Social Science

Social media is a fact of life for students today that can have good and bad outcomes, both of which were seen after the Marjory Stoneman Douglas High School shooting. (Photo by Julie Schoening, the Parent’s Union/Creative Commons)

The president sent me a text the other day.

Not the emergency test text that he sent to everyone. This text was just for me.

It said:

“Hi Andrew. This is is Pres. Trump: Arizona’s 10/20 roster shows that YOUR BALLOT HAS NOT BEEN SUBMITTED yet. Learn more here: (link)”

I know this was not a fake text because of the use of capital letters.

If that wasn’t enough, he sent me another a few days later:

“Pres Trump: Things are getting better in AZ, we can’t go back. We need Republicans to win. Watch ad NOW: (link)”

This time I thought I’d respond:

“Thank you Mr. President. Can you be more specific?”

I didn’t hear back. But the president is a busy man these days, you know, fighting the migrant invasion, and such.

The president wasn’t the only campaigner to text me in recent days. There was this one from a Democratic volunteer:

“Hi Andrew! I’m Candace with AZ Democrats. Voting has started in Pinal County and it looks like you haven’t voted. Many of your neighbors have already voted for Kyrsten Sinema. Will you join and go vote this week?”

And then there was this one:

“Hi Sherry, I’m Cherie, a volunteer with January Contreras for AZ Attorney General. She’s a public servant & seasoned prosecutor with a record of protecting families from crime and corruption. Early voting has begun for this important Nov. 6 election. Will you be a voter for January?”

Sherry is my wife. She’s a registered Republican.

I’m an electoral purist. Because I choose to vote on election day rather than early or by mail, I get punished by all the last-minute campaigning.

All voter registration material is public record, so the politicians know I haven’t voted yet, and they flood my mailbox and screen door with campaign material as well as texts to my phone in the days before the election.

Campaigning takes many forms, it’s not just signs in yards and TV and radio ads, but it has gotten much more personal with text messages, often identifying the recipient by name.

Registered voters give up their information, like first and last name, physical address and political affiliation. Phone numbers are optional, which I guess I unwittingly gave out.

Campaigns cannot retrieve dates of birth, Social Security numbers or driver’s license numbers from voter registration forms. By law, information gathered cannot be used for anything but political purposes, meaning they can’t try to sell you something. Although, that is actually what they are trying to do.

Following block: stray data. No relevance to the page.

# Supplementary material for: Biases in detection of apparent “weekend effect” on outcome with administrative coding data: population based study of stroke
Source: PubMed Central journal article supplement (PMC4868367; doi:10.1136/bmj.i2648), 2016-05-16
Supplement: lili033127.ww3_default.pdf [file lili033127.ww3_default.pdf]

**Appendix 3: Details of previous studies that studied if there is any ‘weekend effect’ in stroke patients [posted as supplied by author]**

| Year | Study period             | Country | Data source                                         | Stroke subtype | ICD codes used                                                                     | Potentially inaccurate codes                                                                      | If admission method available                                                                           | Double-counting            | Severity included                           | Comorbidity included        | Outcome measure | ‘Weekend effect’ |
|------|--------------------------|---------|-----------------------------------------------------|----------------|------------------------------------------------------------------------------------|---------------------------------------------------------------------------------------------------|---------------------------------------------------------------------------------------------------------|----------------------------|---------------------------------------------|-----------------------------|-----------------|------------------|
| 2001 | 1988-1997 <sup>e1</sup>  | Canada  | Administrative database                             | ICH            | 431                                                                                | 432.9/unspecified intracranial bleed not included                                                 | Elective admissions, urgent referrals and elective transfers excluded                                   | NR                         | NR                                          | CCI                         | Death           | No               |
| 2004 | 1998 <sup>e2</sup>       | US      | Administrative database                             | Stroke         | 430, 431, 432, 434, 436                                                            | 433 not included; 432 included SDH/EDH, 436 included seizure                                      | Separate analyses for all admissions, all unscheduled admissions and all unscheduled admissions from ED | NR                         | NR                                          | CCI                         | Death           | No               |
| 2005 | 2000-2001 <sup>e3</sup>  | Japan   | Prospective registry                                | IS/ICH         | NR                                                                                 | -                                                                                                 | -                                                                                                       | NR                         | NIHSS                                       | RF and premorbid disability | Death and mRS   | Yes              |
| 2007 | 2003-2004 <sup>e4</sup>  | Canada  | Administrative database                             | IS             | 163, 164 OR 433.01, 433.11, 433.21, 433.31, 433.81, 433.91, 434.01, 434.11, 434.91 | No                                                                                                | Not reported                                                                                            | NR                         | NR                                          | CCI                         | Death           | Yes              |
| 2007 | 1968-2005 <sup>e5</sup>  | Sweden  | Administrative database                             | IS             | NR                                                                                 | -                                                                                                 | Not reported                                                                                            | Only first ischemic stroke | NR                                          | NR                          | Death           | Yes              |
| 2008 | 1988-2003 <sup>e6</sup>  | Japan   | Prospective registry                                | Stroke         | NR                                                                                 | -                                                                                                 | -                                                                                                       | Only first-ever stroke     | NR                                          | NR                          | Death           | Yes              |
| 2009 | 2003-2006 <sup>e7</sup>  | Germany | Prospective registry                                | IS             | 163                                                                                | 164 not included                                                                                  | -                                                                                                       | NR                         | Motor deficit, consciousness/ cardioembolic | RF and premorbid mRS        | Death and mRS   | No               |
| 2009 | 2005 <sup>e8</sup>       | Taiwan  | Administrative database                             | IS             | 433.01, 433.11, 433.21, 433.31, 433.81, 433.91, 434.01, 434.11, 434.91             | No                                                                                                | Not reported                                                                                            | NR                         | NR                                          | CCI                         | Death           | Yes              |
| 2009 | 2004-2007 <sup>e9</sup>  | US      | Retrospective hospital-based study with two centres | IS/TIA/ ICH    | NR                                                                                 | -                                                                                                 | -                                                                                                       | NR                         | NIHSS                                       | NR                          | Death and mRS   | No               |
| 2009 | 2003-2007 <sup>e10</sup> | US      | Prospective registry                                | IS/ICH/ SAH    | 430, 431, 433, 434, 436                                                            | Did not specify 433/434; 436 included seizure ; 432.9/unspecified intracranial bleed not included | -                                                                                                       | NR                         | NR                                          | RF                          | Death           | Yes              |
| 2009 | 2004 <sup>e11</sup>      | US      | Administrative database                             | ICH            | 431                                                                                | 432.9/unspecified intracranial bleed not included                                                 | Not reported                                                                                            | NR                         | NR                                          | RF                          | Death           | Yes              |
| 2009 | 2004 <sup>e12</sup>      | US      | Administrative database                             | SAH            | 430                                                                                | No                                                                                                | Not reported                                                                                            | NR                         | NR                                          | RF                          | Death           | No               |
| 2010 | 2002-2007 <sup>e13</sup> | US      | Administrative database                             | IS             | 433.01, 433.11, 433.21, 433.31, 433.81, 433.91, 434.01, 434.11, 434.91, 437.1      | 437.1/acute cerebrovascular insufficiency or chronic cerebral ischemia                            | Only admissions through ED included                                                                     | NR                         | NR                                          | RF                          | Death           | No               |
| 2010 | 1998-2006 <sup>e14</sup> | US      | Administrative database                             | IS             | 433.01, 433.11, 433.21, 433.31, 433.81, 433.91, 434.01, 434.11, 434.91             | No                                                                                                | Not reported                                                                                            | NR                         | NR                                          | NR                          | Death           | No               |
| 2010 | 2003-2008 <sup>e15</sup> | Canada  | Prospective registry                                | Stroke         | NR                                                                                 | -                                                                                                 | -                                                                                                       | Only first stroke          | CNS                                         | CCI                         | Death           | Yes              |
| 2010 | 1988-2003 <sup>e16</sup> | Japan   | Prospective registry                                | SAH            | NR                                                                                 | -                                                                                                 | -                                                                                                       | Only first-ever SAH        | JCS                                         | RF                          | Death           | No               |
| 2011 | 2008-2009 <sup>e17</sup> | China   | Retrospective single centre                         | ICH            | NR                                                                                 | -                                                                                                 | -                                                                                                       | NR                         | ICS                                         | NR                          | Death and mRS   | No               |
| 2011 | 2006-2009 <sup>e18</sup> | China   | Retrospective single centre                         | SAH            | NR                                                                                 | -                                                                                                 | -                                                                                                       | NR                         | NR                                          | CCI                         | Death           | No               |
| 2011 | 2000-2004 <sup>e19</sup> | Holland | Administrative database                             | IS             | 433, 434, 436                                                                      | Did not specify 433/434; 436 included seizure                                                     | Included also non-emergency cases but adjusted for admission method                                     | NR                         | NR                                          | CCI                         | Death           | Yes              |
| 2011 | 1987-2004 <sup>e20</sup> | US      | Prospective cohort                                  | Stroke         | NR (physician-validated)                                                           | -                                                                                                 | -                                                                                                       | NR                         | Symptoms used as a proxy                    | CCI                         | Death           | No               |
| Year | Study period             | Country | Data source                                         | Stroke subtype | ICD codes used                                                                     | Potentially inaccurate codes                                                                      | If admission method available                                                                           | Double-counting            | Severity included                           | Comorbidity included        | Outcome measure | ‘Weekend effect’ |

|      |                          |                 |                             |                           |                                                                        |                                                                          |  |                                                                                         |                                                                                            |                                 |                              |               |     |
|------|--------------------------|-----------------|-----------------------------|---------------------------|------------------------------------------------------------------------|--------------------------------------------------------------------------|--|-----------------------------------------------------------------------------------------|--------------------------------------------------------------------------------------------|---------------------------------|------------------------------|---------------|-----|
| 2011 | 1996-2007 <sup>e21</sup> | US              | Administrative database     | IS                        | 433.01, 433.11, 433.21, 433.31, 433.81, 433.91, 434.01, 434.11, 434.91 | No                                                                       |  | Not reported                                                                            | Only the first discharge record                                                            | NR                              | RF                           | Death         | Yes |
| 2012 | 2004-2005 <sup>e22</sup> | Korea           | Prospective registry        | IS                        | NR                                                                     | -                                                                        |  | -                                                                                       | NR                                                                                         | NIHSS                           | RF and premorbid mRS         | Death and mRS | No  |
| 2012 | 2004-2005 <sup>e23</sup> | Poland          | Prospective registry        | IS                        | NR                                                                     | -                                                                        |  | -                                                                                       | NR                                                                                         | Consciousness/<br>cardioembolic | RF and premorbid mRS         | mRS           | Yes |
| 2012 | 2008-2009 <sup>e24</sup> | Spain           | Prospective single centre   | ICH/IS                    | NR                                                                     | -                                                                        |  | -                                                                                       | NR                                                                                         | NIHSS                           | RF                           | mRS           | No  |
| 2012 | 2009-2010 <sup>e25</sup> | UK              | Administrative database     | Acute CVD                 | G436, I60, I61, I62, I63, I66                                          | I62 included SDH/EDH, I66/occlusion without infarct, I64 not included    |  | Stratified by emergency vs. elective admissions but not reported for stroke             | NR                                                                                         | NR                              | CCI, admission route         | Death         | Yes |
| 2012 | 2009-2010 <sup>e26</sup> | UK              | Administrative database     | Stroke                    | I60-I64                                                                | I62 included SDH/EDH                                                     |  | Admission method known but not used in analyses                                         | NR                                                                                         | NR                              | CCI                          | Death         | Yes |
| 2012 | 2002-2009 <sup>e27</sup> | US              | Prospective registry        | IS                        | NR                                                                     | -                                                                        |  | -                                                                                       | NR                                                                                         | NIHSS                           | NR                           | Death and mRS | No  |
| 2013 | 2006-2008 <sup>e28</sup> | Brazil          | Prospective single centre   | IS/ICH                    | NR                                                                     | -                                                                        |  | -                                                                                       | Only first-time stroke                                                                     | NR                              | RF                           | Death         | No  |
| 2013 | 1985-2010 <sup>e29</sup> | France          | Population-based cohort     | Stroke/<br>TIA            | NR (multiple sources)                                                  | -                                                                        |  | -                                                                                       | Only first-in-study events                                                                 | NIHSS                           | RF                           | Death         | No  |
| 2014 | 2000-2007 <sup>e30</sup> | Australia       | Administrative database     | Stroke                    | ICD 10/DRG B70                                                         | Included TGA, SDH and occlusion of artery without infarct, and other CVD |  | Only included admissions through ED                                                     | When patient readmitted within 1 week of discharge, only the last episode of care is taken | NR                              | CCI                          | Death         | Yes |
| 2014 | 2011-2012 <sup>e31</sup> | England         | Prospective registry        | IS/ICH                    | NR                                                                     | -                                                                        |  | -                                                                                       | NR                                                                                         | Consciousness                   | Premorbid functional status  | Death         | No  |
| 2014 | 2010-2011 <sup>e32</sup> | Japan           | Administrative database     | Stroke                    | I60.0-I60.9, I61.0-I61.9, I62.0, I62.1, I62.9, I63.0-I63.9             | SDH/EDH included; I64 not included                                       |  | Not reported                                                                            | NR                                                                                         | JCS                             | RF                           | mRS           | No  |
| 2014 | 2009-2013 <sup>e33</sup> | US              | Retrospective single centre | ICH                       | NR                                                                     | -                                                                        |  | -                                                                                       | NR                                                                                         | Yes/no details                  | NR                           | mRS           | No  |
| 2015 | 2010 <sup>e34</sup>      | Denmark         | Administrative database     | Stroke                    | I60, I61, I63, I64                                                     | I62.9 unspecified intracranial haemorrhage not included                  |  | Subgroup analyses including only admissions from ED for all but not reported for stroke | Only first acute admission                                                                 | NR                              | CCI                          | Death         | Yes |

Personally, I prefer the salesman, because if I purchase their product and it doesn’t work, I can at least return it.

I may be a registered Democrat, but I’m really an independent. My wife and I intentionally register in separate parties, not because we are a mixed marriage politically, but so we as a couple have at least one vote in each primary.

I guess my wife is more savvy than I. She must have used my cellphone number on her registration form so I get all the campaign texts intended for her.


Since I didn’t vote early or by mail, many campaigns figure I may be undecided. That would explain the texts coming from both parties.

As with the social nature of our new communications world, the texts come from an actual person. And in many cases they will engage you if you so desire. And that is by design.

Sandra Sullivan-Dunbar, an associate professor at Loyola University Chicago, is a Democratic campaign volunteer. She wrote about the new role of “text bank” campaigning.

She says she texts people to encourage them to register to vote, to early-vote, to verify their number and to identify supporters of her candidate. She also has identified voters who need a ride to the polls and connected them to transportation options.

“The truth is, grassroots campaign outreach is a necessity right now,” she said.

She also said those who text-bank often get angry or crude responses to initial texts.

“But when we respond as a human being, the person on the other end often apologizes — “I thought you were a bot!” No, we aren’t bots,” she said. “We’re volunteers and we’d love to talk to you about the issues, and our candidate’s record and plans. We probably have information you can’t find on campaign websites, and we actually want to hear from you about your concerns. Since grassroots campaigns like volunteers to engage their own communities, you might even know the person who is texting you personally.”

I’m sure President Trump sent the same text to all registered voters in the state who haven’t yet voted. That would explain why he didn’t respond to my reply.

Otherwise, I might think he was mad at me.


You can reach Andy Howell at


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